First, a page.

Speaking of 4G vs. LTE, what are we talking about? Of the wireless broadband standards with which we make mobile data transfers every day and whose differences we will explain here, because when we know them we can go to our cell phone operator and update our equipment without major problems and according to our convenience.
The most basic explanation: “G” is “Generation”. 4G is therefore the fourth generation of a mobile data technology, as defined by the radiocommunications sector of the International Telecommunications Union (ITU-R).
LTE is an acronym for Long Term Evolution and is more generally applied to the idea of improving wireless broadband speeds to meet growing demand.
What is 3G?
When 3G networks began to roll out, they replaced 2G, a network protocol that only allowed for the most basic of what we would now call smartphone functionality.
Most 2G networks handled phone calls, basic text messages, and small amounts of data through a protocol called MMS. With the introduction of 3G connectivity, larger data formats became much more accessible, including standard HTML pages, videos, and music.
But, the speeds were still quite slow, mostly requiring specially formatted pages and data for these wireless connections which were still slow. By 2G standards, the new protocol was fast, but was not yet matched by a home broadband connection.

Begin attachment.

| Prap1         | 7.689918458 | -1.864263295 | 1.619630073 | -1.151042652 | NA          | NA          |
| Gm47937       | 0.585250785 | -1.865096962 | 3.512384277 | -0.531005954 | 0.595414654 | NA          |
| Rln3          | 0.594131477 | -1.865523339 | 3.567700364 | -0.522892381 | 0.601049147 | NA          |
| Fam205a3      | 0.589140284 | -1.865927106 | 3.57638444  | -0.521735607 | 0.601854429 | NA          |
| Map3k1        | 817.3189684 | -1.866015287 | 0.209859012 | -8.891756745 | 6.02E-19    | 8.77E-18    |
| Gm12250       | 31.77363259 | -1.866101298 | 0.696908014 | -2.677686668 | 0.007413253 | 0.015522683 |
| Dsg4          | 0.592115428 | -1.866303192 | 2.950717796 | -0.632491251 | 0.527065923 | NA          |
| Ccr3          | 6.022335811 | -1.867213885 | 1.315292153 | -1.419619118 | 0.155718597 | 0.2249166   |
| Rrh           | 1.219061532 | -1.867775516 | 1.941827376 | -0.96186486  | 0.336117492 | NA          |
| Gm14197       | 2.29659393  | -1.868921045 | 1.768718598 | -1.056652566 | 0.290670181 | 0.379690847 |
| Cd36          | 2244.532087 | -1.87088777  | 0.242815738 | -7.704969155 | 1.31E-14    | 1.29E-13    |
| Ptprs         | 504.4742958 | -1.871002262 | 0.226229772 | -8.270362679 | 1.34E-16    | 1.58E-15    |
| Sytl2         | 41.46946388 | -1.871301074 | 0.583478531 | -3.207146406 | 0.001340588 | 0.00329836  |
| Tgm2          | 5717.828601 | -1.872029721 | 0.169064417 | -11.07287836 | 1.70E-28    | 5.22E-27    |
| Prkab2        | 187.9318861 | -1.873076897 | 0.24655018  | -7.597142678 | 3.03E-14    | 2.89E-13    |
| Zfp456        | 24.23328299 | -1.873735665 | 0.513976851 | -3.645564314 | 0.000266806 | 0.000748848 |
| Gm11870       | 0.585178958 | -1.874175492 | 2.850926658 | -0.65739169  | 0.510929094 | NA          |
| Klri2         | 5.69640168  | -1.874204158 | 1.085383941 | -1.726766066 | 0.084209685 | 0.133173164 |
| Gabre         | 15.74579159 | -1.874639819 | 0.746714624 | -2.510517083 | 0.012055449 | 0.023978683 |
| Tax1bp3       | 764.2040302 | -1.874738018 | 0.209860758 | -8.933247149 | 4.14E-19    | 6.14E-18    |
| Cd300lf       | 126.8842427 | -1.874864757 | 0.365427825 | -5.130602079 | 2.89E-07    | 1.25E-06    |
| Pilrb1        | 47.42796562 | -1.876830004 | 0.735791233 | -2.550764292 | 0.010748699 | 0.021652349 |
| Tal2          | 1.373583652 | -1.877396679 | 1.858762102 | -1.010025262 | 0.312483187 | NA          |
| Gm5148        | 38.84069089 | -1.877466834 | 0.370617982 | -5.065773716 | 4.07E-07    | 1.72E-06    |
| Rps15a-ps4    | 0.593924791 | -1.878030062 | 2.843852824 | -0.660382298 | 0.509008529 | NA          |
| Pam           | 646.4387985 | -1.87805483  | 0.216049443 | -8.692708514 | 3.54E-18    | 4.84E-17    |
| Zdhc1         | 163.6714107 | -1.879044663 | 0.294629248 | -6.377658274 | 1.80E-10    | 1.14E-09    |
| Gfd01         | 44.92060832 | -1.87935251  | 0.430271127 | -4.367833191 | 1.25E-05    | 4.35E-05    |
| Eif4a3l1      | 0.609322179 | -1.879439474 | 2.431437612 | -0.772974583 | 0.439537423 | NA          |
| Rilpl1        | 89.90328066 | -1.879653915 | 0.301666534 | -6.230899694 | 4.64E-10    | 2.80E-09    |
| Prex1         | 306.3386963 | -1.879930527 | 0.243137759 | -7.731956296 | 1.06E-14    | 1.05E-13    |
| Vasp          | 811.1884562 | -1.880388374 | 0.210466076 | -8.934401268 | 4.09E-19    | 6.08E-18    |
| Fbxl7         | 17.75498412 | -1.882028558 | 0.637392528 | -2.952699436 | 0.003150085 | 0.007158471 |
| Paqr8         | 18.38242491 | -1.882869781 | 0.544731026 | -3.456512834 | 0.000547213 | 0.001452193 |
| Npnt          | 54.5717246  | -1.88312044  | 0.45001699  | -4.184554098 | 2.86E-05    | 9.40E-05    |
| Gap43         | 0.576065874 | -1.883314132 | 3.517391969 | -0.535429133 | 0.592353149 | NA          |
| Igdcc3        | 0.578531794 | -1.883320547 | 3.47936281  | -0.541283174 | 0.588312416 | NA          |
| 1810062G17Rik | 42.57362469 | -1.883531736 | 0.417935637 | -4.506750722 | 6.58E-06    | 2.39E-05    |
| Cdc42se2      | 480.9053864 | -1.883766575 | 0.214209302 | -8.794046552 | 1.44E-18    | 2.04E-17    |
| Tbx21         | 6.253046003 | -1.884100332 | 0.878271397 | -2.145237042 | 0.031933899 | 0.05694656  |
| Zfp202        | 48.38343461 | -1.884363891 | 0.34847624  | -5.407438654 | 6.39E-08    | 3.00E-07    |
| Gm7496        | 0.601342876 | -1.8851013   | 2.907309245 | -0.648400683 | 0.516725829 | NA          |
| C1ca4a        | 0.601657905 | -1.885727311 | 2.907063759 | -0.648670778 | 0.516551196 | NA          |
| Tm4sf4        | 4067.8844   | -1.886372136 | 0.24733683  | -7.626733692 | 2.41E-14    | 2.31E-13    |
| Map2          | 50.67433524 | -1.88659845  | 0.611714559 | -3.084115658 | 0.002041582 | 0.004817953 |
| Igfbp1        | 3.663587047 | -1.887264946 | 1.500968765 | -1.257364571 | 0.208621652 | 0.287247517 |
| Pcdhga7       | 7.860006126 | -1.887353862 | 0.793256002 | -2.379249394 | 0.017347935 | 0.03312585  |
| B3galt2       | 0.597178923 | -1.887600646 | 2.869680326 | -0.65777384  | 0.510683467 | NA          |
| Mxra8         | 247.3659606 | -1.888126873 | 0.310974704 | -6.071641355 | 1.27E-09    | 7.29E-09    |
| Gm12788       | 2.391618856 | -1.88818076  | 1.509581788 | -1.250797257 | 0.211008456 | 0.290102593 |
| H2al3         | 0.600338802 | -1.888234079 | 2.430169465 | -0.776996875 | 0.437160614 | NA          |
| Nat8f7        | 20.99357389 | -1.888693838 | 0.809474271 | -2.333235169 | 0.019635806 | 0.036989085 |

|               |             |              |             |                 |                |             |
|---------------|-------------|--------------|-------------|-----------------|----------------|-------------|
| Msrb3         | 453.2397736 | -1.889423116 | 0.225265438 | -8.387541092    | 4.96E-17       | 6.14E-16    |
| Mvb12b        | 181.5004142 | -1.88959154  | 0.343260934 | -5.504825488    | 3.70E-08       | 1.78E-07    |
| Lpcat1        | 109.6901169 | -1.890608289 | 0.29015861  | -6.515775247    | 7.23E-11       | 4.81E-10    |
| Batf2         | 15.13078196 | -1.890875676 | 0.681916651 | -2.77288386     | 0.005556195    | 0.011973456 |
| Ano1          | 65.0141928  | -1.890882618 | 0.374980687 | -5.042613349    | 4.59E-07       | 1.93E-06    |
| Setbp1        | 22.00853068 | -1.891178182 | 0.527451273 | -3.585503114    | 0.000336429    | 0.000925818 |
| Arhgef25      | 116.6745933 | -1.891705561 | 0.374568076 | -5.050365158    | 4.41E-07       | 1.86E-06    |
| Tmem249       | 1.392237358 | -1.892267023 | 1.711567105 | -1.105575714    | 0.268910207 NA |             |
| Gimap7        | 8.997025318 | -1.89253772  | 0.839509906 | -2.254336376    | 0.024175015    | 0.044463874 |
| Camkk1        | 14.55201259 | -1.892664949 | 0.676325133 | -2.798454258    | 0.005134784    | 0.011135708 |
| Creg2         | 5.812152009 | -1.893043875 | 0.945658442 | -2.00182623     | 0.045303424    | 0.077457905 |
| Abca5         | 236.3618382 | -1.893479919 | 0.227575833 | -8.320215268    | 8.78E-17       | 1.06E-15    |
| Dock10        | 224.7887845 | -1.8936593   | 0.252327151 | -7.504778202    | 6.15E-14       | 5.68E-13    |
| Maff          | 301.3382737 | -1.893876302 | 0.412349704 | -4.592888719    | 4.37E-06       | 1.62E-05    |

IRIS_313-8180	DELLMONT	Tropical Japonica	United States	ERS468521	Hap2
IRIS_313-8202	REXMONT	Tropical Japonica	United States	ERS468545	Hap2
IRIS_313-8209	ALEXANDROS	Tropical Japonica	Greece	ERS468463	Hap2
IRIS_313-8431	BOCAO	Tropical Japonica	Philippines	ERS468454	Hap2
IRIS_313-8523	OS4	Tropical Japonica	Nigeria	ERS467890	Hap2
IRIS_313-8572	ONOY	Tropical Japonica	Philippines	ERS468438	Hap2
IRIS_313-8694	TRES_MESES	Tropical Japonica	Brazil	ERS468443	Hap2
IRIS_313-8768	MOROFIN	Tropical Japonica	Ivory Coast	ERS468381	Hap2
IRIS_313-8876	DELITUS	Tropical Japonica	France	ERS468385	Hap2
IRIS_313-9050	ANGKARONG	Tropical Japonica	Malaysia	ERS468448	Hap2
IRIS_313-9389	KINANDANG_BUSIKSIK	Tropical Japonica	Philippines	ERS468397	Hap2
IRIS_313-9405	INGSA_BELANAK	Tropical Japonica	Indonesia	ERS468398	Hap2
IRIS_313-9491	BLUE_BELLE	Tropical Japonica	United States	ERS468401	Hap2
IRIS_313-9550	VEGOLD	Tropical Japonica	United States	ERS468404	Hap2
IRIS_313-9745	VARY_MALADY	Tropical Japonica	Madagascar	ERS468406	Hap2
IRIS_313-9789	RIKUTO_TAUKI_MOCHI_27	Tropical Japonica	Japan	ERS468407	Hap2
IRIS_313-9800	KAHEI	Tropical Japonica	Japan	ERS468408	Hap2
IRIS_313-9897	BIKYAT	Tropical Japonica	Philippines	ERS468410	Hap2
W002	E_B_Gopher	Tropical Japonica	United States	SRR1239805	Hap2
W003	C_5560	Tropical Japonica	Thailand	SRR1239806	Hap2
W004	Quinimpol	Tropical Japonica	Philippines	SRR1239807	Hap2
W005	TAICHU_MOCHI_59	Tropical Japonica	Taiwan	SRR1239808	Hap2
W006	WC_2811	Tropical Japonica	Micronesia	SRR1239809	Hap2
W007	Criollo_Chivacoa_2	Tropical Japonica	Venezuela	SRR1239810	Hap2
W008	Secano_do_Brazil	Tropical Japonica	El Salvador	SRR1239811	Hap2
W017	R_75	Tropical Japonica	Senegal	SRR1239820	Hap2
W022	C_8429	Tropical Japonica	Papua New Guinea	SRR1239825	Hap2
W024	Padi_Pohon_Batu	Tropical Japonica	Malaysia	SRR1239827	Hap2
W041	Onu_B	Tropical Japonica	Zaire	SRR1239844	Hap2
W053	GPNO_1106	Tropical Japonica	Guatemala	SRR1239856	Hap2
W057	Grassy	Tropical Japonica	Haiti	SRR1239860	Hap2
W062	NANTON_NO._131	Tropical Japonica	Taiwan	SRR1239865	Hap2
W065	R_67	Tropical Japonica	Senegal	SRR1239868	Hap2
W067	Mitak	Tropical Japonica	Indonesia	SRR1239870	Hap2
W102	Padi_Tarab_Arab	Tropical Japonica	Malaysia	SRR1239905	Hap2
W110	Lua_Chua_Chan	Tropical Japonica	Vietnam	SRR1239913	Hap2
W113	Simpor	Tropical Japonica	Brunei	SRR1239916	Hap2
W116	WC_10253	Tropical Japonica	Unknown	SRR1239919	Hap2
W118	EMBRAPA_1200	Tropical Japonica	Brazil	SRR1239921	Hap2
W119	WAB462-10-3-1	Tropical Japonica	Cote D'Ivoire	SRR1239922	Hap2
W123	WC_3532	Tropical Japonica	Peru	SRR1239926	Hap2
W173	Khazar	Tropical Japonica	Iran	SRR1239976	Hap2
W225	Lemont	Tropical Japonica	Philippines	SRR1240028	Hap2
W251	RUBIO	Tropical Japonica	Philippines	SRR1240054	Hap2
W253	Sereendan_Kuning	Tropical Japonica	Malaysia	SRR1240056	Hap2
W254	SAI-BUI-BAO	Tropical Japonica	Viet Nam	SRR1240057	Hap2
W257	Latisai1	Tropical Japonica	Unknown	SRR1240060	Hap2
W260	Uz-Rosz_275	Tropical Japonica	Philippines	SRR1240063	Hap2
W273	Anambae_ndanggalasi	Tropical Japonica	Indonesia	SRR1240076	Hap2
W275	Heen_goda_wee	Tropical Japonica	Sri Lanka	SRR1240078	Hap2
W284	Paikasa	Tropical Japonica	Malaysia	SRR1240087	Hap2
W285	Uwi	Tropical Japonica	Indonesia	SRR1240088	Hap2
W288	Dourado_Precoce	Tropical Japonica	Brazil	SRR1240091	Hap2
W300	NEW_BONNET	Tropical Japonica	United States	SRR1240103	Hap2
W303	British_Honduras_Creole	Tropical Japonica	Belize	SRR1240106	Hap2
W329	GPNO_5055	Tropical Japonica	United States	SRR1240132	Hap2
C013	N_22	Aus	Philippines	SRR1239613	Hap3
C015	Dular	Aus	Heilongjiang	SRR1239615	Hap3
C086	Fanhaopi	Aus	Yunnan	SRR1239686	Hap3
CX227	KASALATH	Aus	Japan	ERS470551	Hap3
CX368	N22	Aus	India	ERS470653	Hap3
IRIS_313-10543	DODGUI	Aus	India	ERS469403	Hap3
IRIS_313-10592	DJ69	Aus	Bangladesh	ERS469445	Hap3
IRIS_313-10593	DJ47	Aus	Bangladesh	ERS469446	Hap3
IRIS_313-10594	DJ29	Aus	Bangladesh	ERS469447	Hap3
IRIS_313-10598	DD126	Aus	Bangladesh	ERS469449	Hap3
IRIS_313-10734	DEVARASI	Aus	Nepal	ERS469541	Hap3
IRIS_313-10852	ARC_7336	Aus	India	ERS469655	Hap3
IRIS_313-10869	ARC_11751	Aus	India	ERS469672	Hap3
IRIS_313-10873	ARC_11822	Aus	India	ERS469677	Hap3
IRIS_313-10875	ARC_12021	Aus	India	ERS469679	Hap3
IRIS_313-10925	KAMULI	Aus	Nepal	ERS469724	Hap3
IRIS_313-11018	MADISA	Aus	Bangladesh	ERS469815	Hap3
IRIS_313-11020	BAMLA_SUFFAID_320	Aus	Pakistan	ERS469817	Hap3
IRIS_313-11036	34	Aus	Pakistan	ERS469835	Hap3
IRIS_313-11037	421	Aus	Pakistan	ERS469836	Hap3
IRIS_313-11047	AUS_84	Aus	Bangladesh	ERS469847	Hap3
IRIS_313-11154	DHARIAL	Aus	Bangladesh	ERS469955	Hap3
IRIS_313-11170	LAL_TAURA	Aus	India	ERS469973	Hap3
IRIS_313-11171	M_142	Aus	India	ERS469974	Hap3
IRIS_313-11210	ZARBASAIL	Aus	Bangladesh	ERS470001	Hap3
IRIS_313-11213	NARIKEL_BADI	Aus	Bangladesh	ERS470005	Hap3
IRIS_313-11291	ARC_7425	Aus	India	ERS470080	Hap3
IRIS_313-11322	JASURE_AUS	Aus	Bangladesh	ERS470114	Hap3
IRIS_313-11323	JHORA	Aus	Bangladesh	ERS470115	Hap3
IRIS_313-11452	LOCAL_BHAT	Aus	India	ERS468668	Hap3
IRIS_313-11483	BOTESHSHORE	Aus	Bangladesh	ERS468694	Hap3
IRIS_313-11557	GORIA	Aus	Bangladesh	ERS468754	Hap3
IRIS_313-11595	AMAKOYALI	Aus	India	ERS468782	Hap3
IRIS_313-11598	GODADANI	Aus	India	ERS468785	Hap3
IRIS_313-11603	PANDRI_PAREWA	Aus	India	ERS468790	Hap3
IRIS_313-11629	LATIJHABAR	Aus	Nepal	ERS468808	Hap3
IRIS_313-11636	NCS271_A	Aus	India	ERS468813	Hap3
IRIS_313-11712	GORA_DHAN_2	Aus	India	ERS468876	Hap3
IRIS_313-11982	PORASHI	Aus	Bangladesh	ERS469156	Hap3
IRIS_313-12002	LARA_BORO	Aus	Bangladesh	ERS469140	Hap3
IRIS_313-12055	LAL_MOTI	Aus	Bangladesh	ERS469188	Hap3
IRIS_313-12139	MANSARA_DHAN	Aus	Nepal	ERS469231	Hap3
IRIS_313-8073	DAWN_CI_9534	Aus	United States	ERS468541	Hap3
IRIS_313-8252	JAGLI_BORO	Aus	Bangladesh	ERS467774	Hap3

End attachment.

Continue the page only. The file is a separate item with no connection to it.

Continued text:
What is 4G?
ITU-R established standards for 4G connectivity in March 2008, requiring that all services described as 4G adhere to a set of speed and connection standards.
For mobile use, including cell phones and tablets, connection speeds must have a maximum of at least 100 MBps, and for more stationary uses, such as hot-spots, at least 1 GBps second.
When these standards were announced, these speeds were unknown in the practical world, because they were intended to be a target for technology developers, a point in the future that marked a significant leap over current technology.
Over time, the systems that power these networks have caught up, not only because new transmission methods have reached products, but because previously established 3G networks have been improved to the point that they can be classified as 4G.